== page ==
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31 Days of Seven Soldiers, Day 23 – Bulleteer #2

As the Yuletide season heats up, we see the light at the end of the tunnel that is the Seven Soldiers Saga!  Don’t give up on me now!

Gosh oh gee, I wonder if there could be SPOILERS in this post?  Why yes, I suppose there are SPOILERS!  I’m glad I mentioned the SPOILERS!

Of course, before we begin, I must mention something about the first issue in the series.  This will prove once again that I am the dumbest person in the world!  As if you needed more proof!

12-24-2006 03;51;16PM.JPG

So.  Last issue, I briefly mentioned that Alix works with autistic kids.  In the comments section, commenter extraordinaire FunkyGreenJerusalem asked why I didn’t go into that more.  I misunderstood him (the stupidity thing again), but he explained that he meant that Alix actually has a “grown-up” job and Morrison takes that away from her.  This is an excellent point, and it’s not the first time Morrison has done something like this in the series.  Remember, Jake Jorden has a reputable job as well, and it is taken away from him.  Only by becoming a superhero can he regain what his job gave him – self-respect.  This is a different situation, as Alix loses her job because she becomes a superhero, which seems to contradict one of the major themes of the series, that these people need to grow up to become true heroes.  Why does Morrison give Alix this job?  Is it just for cheap shock value, so that we’re much sadder that she can no longer do it?  I have more faith in Morrison than that, but I do wonder about it, especially because it’s never mentioned again.  What is the connection between autism and how Morrison wants to examine the growth of these people from “children” – in a developmental sense – to “adults.”  I mentioned that Alix is vain, although not as vain as her husband.  We’ve seen what she wears to work, and that’s to “work with autistic kids.”  Perhaps Morrison is making the point that even though she does something that is worthwhile, she is still preening, taking a job that allows her to show off her compassion.  Maybe.  It’s vexing.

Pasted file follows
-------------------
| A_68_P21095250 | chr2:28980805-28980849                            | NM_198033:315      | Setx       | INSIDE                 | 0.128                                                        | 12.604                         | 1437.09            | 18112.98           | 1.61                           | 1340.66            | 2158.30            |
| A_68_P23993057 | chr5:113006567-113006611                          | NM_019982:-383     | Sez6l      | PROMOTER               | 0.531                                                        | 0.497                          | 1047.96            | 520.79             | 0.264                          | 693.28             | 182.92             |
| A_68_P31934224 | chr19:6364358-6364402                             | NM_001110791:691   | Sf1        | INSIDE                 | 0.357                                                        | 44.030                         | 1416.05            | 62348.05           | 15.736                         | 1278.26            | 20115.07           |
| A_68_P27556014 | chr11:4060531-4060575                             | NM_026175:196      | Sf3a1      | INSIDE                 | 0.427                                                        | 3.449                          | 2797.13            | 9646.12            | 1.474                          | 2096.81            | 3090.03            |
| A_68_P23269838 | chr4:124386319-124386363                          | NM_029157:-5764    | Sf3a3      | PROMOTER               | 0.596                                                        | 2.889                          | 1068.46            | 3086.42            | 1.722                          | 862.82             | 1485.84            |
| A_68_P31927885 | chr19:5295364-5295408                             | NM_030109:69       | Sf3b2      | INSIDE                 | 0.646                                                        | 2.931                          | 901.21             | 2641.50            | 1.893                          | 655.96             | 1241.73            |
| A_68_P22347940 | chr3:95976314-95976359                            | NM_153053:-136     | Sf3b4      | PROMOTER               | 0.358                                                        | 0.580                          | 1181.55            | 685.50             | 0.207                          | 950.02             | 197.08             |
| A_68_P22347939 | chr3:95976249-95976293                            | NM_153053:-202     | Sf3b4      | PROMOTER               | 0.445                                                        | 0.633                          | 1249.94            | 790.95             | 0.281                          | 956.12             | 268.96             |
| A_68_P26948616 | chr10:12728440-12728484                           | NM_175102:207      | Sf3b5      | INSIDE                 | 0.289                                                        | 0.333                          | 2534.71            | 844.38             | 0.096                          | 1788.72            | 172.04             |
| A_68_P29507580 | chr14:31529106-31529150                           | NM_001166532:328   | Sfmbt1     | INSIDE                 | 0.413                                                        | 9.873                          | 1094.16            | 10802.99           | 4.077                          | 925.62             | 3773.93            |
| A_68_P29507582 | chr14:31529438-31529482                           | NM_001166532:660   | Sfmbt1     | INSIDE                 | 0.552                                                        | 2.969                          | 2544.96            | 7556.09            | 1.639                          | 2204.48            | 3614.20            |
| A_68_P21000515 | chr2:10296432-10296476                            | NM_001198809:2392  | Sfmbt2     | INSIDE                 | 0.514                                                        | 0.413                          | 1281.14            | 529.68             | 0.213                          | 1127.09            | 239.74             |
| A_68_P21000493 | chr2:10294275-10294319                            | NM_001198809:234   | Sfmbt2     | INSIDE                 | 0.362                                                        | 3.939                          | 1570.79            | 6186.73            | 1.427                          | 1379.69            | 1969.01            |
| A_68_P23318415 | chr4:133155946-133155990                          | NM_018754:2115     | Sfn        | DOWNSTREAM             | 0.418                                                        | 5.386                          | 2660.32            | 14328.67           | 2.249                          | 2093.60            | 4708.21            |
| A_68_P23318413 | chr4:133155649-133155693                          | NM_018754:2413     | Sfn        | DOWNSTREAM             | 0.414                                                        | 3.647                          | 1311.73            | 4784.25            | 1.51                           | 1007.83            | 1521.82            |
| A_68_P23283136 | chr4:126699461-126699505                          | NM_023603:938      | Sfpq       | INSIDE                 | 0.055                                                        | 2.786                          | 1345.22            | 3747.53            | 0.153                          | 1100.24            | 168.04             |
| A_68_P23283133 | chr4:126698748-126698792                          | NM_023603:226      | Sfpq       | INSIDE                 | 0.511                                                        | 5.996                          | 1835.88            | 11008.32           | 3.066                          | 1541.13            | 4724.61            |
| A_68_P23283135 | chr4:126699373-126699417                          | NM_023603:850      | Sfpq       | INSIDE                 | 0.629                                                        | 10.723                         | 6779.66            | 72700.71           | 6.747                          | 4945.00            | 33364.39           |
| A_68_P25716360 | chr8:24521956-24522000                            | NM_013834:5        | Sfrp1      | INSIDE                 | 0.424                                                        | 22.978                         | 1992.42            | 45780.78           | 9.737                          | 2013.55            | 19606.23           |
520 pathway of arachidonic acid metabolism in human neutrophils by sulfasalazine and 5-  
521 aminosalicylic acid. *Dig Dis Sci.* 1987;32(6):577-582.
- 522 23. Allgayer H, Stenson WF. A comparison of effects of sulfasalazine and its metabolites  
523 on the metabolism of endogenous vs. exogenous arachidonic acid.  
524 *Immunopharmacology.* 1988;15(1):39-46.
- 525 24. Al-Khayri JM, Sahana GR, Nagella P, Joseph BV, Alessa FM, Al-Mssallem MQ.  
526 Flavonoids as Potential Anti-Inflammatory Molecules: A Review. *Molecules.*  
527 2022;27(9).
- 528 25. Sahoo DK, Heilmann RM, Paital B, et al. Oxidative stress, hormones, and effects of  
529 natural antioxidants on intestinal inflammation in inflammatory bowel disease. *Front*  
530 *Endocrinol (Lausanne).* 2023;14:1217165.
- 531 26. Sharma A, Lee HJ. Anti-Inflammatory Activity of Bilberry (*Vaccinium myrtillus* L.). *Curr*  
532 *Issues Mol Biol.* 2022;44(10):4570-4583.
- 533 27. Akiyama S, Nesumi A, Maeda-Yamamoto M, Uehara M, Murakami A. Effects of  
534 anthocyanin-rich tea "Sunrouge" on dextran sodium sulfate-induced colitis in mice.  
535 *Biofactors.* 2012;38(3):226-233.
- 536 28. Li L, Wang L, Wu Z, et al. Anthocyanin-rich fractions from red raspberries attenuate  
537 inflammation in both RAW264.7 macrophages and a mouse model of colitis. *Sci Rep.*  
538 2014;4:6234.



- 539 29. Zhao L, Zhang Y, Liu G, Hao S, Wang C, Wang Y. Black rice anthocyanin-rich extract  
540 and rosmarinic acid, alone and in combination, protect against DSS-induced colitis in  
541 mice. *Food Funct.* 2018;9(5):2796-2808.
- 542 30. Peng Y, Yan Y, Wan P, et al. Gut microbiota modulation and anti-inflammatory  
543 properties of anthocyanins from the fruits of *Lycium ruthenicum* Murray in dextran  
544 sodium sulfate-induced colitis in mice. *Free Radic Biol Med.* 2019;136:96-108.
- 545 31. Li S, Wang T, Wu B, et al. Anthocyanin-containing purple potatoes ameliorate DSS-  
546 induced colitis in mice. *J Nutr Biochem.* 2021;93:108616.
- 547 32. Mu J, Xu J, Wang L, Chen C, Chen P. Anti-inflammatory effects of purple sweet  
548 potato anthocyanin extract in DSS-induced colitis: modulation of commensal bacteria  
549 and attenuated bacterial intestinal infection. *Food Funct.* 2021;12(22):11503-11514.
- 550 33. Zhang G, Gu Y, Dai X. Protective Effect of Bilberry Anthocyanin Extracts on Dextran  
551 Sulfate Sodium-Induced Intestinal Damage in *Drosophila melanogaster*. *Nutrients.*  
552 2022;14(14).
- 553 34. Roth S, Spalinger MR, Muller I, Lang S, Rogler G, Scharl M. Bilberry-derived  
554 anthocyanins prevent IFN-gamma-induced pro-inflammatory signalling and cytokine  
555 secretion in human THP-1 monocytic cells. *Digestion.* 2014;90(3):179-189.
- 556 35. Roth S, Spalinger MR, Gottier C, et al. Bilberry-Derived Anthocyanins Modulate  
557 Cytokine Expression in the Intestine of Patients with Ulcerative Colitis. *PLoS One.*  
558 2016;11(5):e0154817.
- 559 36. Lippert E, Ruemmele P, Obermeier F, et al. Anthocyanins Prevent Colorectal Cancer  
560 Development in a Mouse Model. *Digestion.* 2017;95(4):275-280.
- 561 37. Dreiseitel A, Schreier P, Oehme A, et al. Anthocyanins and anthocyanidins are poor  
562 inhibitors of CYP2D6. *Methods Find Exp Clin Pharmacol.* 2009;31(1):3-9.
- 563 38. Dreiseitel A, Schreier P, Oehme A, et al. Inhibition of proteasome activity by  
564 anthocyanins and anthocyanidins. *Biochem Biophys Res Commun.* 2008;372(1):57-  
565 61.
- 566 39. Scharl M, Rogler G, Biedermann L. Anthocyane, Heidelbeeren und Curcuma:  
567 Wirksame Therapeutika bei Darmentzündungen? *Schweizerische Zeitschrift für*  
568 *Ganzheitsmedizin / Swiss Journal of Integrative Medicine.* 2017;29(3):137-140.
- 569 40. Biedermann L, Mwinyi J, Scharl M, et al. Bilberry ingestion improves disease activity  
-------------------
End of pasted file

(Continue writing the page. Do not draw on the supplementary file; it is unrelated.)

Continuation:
If anyone has any thoughts about it, feel free to chime in.  Meanwhile, let’s move on, because Helen “Sky-High” Helligan is making another appearance in the saga!  The first page of issue #2 shows us a slide of Lucas Ludlow Dalt, alias the Spider, crucified to a wall, with arrows through his hands and one through his heart.  Gee, not too much Christ-like imagery!  Someone is saying that the chief suspect in the murder is Tom Dalt, who is desperate to prove himself to his family – another example of someone with low self-esteem.  Tom disappeared the day of his brother’s murder and appeared, “seven days later,” in Arizona.  We see that the voice belongs to Helen Helligan, last seen in Shining Knight #3, when she seemed … less together than she does now, thanks to a bite from the Queen of Terror.  Alix is in the room, as well as three men.  Helligan shows the next slide, which is Jackie Pemberton, whose “bag of trix” was found scattered across the desert near Pepper City, Arizona.  She shows Shelly Gaynor, a columnist for the New York Daily Recorder, who went missing.  She shows Harris D. Ledbetter, or Dyno-Mite Dan, who bought two hero rings off the Internet.  They were “working fakes,” and we know he got them from Cassandra Craft, even though Helligan does not.  Alix asks what this has to do with her, and Helligan shows her the ad that Greg Saunders placed in the trade magazine asking for superheroes.  Alix suddenly realizes that this is the “seven soldiers thing,” and we learn that she was the seventh soldier – she had even bought a plane ticket.  At the last moment, she realized that she didn’t want to see people who were just like her – unlike the “original” soldiers, Alix is completely uncomfortable with being a superhero.  Helligan tells her that she’s lucky she missed out on what happened, and they roll the footage they got from the bikes – they were equipped with cameras, remember?  Helligan mentions that Greg Saunders was dying of some unnamed illness, and that’s why he wanted to get the spider at last.  We see the same scenes we saw in Seven Soldiers #0, and we watch as Neh-buh-loh skewers Greg and Shelly at the same time (yet another version of Neh-buh-loh by a different artist, as Paquette draws him with what looks like more body armor – he’s not as starry).  We also see a spider tearing Tom Dalt’s intestines out, which makes the fact that he’s alive (as we know from Shining Knight) rather intriguing.  Is the new Tom Dalt a robot, like the spiders?  The Time Tailors seem to able to take people apart and put them back together – did Zor have a hand in resurrecting Dalt?  It wasn’t the cauldron, as the Queen didn’t have access to it.  It’s rather interesting.